Africa

Africa: Cultivating Resilience – Women’s Leadership in Biodiversity Conservation


Aicha would not describe her profession as farming, and yet she is coaxing life out of a barren desert.

The first thing she does each morning is feed the sheep and chickens dried alfalfa that she has grown, giving a bit of extra food to one ram that she is preparing for Eid al-Adha, the feast of sacrifice. She then makes her family a breakfast of eggs, bread and dates, sourced from their plot of land and from women in her village. Returning to the backyard, Aicha then assesses what work needs to be done to continue cultivating these resources for her family.

Living in the Drâa-Tafilalet region of Morocco on the cusp of the Sahara, water is a valuable resource. A common expression is aman iman or “water is life” in Tashelhit, the Indigenous language of the region. Until recently, water spilled forth from the local terwa, a community-managed network of wells and trenches delivering water from the nearby Atlas Mountains. Due to an ongoing drought, Aicha carefully dispenses water from a plastic canister, which her son gathers from faraway sources, to hand irrigate green shoots of scallions, beets and turnips peeking through the hardened soil. On other days, she harvests alfalfa with a sickle or collects ripe dates from towering palms. Her work is often interrupted by customers for her business as a seamstress. Flowy cotton dresses are in demand, and perfect for the many tasks that women, like Aicha herself, undertake daily.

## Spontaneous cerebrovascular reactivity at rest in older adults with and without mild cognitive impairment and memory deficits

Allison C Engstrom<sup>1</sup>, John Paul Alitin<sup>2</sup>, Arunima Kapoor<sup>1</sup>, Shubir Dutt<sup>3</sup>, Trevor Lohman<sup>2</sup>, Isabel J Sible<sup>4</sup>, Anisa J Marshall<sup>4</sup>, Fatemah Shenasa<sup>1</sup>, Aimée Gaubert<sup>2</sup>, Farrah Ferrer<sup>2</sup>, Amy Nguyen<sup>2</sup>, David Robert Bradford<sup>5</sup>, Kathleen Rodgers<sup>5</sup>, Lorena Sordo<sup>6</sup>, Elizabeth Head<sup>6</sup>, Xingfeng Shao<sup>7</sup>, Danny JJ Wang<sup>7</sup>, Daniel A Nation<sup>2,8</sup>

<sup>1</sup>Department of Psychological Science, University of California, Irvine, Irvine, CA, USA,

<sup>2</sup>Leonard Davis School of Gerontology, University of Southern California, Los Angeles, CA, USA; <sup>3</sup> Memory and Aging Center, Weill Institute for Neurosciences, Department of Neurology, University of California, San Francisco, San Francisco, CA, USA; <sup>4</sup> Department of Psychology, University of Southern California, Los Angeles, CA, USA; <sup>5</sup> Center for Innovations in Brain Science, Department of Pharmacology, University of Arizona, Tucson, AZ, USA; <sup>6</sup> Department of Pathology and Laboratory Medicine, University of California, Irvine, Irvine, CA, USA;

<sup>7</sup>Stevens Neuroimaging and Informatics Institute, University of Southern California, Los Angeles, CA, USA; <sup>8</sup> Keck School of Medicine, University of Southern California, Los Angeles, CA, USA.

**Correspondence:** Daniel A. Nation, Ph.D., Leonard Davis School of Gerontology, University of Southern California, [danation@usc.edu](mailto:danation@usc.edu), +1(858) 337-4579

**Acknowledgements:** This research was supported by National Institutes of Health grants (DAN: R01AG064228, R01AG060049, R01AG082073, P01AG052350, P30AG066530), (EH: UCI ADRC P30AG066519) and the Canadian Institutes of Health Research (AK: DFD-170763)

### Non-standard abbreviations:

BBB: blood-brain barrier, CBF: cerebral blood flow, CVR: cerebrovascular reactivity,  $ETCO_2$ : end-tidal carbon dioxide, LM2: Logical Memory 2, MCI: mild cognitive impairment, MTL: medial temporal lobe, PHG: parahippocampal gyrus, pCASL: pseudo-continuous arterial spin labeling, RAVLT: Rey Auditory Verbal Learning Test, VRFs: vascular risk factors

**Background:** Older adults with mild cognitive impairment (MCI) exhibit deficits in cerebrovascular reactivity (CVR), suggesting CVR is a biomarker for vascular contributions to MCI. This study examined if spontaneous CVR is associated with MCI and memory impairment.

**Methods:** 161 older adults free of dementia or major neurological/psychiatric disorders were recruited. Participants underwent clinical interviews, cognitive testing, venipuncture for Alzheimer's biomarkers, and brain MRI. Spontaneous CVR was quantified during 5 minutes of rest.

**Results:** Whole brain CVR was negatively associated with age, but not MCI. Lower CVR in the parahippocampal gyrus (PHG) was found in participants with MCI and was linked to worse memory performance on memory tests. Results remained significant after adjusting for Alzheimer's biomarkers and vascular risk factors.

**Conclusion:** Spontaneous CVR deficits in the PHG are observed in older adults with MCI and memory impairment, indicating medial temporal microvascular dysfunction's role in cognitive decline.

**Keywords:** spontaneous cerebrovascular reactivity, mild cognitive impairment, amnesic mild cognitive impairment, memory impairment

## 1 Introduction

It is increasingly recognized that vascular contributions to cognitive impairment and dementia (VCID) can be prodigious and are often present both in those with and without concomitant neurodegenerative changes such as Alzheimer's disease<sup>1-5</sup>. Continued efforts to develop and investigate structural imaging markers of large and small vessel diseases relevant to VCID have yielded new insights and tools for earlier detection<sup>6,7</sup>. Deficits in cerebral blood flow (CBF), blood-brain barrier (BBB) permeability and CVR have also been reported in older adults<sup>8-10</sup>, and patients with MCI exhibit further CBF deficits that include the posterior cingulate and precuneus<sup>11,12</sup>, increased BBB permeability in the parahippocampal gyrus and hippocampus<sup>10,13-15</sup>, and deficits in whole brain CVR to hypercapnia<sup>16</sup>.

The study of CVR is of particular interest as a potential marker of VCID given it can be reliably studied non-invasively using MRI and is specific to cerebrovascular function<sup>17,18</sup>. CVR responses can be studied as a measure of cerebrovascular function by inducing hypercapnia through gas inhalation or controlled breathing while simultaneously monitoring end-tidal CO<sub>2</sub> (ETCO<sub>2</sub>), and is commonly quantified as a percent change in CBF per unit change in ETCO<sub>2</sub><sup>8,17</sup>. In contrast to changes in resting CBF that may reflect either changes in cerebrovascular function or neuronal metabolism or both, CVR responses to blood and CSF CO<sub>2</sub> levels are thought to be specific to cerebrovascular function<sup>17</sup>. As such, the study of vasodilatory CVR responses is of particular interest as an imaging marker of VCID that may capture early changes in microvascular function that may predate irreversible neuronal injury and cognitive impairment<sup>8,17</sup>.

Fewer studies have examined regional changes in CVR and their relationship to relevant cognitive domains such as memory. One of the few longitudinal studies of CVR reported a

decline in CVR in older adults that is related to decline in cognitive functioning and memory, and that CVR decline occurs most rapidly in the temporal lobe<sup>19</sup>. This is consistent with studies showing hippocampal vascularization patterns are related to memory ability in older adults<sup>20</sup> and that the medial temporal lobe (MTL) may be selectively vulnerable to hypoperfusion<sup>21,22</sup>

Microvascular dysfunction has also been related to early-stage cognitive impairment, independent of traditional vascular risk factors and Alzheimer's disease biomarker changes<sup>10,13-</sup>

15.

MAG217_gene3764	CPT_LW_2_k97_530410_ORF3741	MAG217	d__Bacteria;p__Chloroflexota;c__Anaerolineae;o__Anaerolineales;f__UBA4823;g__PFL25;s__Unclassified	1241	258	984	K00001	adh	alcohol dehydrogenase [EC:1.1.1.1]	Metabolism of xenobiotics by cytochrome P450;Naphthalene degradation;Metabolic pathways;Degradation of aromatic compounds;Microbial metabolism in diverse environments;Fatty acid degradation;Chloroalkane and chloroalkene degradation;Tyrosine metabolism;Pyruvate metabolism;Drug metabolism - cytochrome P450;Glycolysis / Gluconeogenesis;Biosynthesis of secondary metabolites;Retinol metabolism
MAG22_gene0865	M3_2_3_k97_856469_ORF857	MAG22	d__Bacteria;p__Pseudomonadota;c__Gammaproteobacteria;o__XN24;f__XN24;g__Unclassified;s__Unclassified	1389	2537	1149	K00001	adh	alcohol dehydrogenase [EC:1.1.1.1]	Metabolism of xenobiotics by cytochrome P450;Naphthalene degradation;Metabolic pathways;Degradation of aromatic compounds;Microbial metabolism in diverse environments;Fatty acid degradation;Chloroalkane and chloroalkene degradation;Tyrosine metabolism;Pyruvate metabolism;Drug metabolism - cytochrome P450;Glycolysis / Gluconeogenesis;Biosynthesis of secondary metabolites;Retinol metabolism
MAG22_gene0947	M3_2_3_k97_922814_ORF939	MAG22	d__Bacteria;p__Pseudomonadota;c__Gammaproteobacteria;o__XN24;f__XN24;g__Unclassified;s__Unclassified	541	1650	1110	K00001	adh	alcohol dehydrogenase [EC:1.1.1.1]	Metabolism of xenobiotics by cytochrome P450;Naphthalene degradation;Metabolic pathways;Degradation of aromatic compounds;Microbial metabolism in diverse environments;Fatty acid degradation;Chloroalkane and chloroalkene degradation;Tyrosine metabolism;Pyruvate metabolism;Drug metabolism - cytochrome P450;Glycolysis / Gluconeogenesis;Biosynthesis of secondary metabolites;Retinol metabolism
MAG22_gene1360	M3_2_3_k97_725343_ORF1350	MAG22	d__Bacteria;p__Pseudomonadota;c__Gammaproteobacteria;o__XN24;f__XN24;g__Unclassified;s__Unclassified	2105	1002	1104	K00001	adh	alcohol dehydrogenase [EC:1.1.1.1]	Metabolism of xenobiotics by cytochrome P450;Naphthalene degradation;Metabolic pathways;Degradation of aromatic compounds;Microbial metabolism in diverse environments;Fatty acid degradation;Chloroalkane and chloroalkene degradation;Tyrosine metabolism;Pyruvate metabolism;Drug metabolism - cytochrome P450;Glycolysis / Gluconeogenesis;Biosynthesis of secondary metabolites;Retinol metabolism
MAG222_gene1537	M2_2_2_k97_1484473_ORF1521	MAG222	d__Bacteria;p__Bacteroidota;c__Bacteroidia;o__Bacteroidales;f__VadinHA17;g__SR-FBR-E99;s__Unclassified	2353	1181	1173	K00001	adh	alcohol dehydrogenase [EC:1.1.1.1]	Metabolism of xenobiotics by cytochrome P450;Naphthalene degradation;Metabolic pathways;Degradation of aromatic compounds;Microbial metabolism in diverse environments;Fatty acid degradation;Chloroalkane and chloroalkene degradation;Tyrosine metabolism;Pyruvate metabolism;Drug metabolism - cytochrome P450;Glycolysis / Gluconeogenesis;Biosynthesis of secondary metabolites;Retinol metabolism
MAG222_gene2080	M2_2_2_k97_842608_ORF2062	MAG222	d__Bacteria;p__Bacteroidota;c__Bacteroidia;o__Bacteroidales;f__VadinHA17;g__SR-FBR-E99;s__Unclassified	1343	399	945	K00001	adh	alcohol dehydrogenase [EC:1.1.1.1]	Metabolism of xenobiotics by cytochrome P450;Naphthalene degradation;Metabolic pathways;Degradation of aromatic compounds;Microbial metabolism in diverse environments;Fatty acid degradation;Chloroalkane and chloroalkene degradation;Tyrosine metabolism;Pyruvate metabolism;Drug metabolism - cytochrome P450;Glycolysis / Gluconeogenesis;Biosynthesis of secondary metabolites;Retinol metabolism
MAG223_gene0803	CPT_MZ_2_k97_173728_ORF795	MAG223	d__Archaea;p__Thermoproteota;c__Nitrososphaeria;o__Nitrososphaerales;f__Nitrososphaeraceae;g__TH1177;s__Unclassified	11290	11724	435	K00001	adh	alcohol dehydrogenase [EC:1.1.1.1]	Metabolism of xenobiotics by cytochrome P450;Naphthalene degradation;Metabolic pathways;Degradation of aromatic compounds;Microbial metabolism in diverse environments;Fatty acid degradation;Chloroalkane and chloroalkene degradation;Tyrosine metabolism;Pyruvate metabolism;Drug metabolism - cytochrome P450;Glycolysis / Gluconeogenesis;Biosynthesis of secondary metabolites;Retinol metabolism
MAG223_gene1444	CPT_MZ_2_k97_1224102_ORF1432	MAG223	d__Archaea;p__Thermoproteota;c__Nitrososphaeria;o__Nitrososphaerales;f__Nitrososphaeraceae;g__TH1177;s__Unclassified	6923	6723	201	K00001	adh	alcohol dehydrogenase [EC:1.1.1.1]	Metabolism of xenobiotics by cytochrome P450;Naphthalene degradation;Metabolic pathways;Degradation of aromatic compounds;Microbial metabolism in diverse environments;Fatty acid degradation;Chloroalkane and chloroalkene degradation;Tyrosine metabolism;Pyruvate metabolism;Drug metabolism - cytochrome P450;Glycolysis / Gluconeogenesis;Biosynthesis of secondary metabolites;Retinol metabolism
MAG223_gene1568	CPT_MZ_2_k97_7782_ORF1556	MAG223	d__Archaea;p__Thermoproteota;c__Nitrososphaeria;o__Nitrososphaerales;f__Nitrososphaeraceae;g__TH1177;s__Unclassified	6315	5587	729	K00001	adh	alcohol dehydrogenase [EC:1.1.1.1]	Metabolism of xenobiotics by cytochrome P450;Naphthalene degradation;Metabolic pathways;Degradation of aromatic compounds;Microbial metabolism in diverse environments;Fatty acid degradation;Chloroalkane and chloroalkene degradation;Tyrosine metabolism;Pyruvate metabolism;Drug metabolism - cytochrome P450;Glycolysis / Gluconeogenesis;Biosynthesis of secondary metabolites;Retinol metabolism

Similar to many women around the world, Aicha’s knowledge of how to sustainably care for and benefit from nature could fill books. Biodiversity underpins her life, and sustains the health and well-being of her family and village. However, on a global scale, women often have less access and control over land, natural resources and other productive assets, and receive fewer related benefits, including inclusion in policy making processes. Therefore, women’s input and knowledge are often not considered during the development of biodiversity policies. Yet, efforts to safeguard nature and its benefits to society are falling short, and need to include the knowledge and leadership of women, as their roles and responsibilities often put them in direct contact with nature.

Lea Phillips, Senior Biodiversity Policy Coordinator, UNDP

Christina Supples, Senior Project Manager and Advisor on Biodiversity Policy, Science and Projects, UNDP

Marion Marigo, Capacity Building and Biodiversity Senior Officer, UNDP



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